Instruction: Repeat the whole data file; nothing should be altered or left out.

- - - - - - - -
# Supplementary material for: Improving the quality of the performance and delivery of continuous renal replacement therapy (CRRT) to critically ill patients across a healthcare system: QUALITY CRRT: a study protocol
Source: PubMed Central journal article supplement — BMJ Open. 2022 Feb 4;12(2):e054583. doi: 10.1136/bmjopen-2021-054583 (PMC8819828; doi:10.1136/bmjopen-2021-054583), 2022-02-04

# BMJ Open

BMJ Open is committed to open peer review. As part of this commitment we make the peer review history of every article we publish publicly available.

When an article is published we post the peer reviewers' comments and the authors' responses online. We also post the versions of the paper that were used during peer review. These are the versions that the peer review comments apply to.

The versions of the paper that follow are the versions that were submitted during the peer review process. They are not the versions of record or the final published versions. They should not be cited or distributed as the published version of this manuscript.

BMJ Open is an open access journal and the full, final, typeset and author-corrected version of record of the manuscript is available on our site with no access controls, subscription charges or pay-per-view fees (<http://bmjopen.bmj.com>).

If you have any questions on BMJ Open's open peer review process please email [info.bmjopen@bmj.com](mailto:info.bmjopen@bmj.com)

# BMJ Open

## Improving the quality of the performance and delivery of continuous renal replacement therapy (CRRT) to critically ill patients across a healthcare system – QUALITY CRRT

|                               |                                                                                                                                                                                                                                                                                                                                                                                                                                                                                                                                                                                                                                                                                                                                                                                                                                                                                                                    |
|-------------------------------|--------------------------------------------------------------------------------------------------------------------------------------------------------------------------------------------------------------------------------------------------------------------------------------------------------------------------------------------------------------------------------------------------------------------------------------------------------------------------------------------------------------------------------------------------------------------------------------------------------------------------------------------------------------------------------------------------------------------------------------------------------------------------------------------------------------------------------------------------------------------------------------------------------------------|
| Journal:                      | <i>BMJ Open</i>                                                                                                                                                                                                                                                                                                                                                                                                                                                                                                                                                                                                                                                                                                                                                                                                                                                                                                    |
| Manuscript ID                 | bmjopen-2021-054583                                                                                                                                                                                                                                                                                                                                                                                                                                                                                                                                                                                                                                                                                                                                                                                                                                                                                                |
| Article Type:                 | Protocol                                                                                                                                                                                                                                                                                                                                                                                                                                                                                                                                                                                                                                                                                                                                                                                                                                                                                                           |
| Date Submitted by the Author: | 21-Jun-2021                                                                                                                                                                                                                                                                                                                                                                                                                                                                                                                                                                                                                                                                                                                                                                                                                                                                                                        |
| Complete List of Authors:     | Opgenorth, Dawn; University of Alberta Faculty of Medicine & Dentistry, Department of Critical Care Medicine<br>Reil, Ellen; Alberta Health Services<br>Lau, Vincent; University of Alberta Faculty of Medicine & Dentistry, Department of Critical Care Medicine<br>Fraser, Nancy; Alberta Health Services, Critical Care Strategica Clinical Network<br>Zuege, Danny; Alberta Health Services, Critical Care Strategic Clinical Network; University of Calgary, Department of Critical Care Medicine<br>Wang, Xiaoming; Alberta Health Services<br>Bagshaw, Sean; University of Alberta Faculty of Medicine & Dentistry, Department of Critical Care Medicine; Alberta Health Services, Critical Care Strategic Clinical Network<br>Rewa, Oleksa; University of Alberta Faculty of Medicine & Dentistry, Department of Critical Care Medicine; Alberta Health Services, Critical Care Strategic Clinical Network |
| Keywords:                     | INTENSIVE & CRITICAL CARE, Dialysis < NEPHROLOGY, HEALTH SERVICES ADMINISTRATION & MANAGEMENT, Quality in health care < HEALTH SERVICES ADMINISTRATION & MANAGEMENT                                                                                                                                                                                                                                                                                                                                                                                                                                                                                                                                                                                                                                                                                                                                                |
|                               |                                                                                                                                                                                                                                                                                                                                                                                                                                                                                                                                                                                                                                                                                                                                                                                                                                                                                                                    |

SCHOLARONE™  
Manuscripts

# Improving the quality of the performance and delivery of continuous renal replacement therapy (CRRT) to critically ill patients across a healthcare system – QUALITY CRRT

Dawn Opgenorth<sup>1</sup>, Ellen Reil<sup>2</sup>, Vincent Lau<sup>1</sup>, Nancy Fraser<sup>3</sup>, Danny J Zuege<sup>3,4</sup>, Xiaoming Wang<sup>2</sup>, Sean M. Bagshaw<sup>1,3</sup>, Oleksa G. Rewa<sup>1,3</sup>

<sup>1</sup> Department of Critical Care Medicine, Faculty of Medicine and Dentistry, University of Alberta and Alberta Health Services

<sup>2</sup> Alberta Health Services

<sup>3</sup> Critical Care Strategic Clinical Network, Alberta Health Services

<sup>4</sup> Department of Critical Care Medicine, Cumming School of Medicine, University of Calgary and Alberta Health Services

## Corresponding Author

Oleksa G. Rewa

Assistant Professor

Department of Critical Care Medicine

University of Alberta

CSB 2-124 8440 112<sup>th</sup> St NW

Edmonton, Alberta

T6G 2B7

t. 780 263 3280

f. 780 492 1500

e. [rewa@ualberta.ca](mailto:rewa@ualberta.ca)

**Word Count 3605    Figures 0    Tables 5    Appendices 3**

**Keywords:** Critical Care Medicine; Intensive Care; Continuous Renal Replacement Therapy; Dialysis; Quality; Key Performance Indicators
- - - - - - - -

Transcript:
# Supplementary material for: Improving the quality of the performance and delivery of continuous renal replacement therapy (CRRT) to critically ill patients across a healthcare system: QUALITY CRRT: a study protocol
Source: PubMed Central journal article supplement — BMJ Open. 2022 Feb 4;12(2):e054583. doi: 10.1136/bmjopen-2021-054583 (PMC8819828; doi:10.1136/bmjopen-2021-054583), 2022-02-04

# BMJ Open

BMJ Open is committed to open peer review. As part of this commitment we make the peer review history of every article we publish publicly available.

When an article is published we post the peer reviewers' comments and the authors' responses online. We also post the versions of the paper that were used during peer review. These are the versions that the peer review comments apply to.

The versions of the paper that follow are the versions that were submitted during the peer review process. They are not the versions of record or the final published versions. They should not be cited or distributed as the published version of this manuscript.

BMJ Open is an open access journal and the full, final, typeset and author-corrected version of record of the manuscript is available on our site with no access controls, subscription charges or pay-per-view fees (<http://bmjopen.bmj.com>).

If you have any questions on BMJ Open's open peer review process please email [info.bmjopen@bmj.com](mailto:info.bmjopen@bmj.com)

# BMJ Open

## Improving the quality of the performance and delivery of continuous renal replacement therapy (CRRT) to critically ill patients across a healthcare system – QUALITY CRRT

|                               |                                                                                                                                                                                                                                                                                                                                                                                                                                                                                                                                                                                                                                                                                                                                                                                                                                                                                                                    |
|-------------------------------|--------------------------------------------------------------------------------------------------------------------------------------------------------------------------------------------------------------------------------------------------------------------------------------------------------------------------------------------------------------------------------------------------------------------------------------------------------------------------------------------------------------------------------------------------------------------------------------------------------------------------------------------------------------------------------------------------------------------------------------------------------------------------------------------------------------------------------------------------------------------------------------------------------------------|
| Journal:                      | <i>BMJ Open</i>                                                                                                                                                                                                                                                                                                                                                                                                                                                                                                                                                                                                                                                                                                                                                                                                                                                                                                    |
| Manuscript ID                 | bmjopen-2021-054583                                                                                                                                                                                                                                                                                                                                                                                                                                                                                                                                                                                                                                                                                                                                                                                                                                                                                                |
| Article Type:                 | Protocol                                                                                                                                                                                                                                                                                                                                                                                                                                                                                                                                                                                                                                                                                                                                                                                                                                                                                                           |
| Date Submitted by the Author: | 21-Jun-2021                                                                                                                                                                                                                                                                                                                                                                                                                                                                                                                                                                                                                                                                                                                                                                                                                                                                                                        |
| Complete List of Authors:     | Opgenorth, Dawn; University of Alberta Faculty of Medicine & Dentistry, Department of Critical Care Medicine<br>Reil, Ellen; Alberta Health Services<br>Lau, Vincent; University of Alberta Faculty of Medicine & Dentistry, Department of Critical Care Medicine<br>Fraser, Nancy; Alberta Health Services, Critical Care Strategica Clinical Network<br>Zuege, Danny; Alberta Health Services, Critical Care Strategic Clinical Network; University of Calgary, Department of Critical Care Medicine<br>Wang, Xiaoming; Alberta Health Services<br>Bagshaw, Sean; University of Alberta Faculty of Medicine & Dentistry, Department of Critical Care Medicine; Alberta Health Services, Critical Care Strategic Clinical Network<br>Rewa, Oleksa; University of Alberta Faculty of Medicine & Dentistry, Department of Critical Care Medicine; Alberta Health Services, Critical Care Strategic Clinical Network |
| Keywords:                     | INTENSIVE & CRITICAL CARE, Dialysis < NEPHROLOGY, HEALTH SERVICES ADMINISTRATION & MANAGEMENT, Quality in health care < HEALTH SERVICES ADMINISTRATION & MANAGEMENT                                                                                                                                                                                                                                                                                                                                                                                                                                                                                                                                                                                                                                                                                                                                                |
|                               |                                                                                                                                                                                                                                                                                                                                                                                                                                                                                                                                                                                                                                                                                                                                                                                                                                                                                                                    |

SCHOLARONE™  
Manuscripts

# Improving the quality of the performance and delivery of continuous renal replacement therapy (CRRT) to critically ill patients across a healthcare system – QUALITY CRRT

Dawn Opgenorth<sup>1</sup>, Ellen Reil<sup>2</sup>, Vincent Lau<sup>1</sup>, Nancy Fraser<sup>3</sup>, Danny J Zuege<sup>3,4</sup>, Xiaoming Wang<sup>2</sup>, Sean M. Bagshaw<sup>1,3</sup>, Oleksa G. Rewa<sup>1,3</sup>

<sup>1</sup> Department of Critical Care Medicine, Faculty of Medicine and Dentistry, University of Alberta and Alberta Health Services

<sup>2</sup> Alberta Health Services

<sup>3</sup> Critical Care Strategic Clinical Network, Alberta Health Services

<sup>4</sup> Department of Critical Care Medicine, Cumming School of Medicine, University of Calgary and Alberta Health Services

## Corresponding Author

Oleksa G. Rewa

Assistant Professor

Department of Critical Care Medicine

University of Alberta

CSB 2-124 8440 112<sup>th</sup> St NW

Edmonton, Alberta

T6G 2B7

t. 780 263 3280

f. 780 492 1500

e. [rewa@ualberta.ca](mailto:rewa@ualberta.ca)

**Word Count 3605    Figures 0    Tables 5    Appendices 3**

**Keywords:** Critical Care Medicine; Intensive Care; Continuous Renal Replacement Therapy; Dialysis; Quality; Key Performance Indicators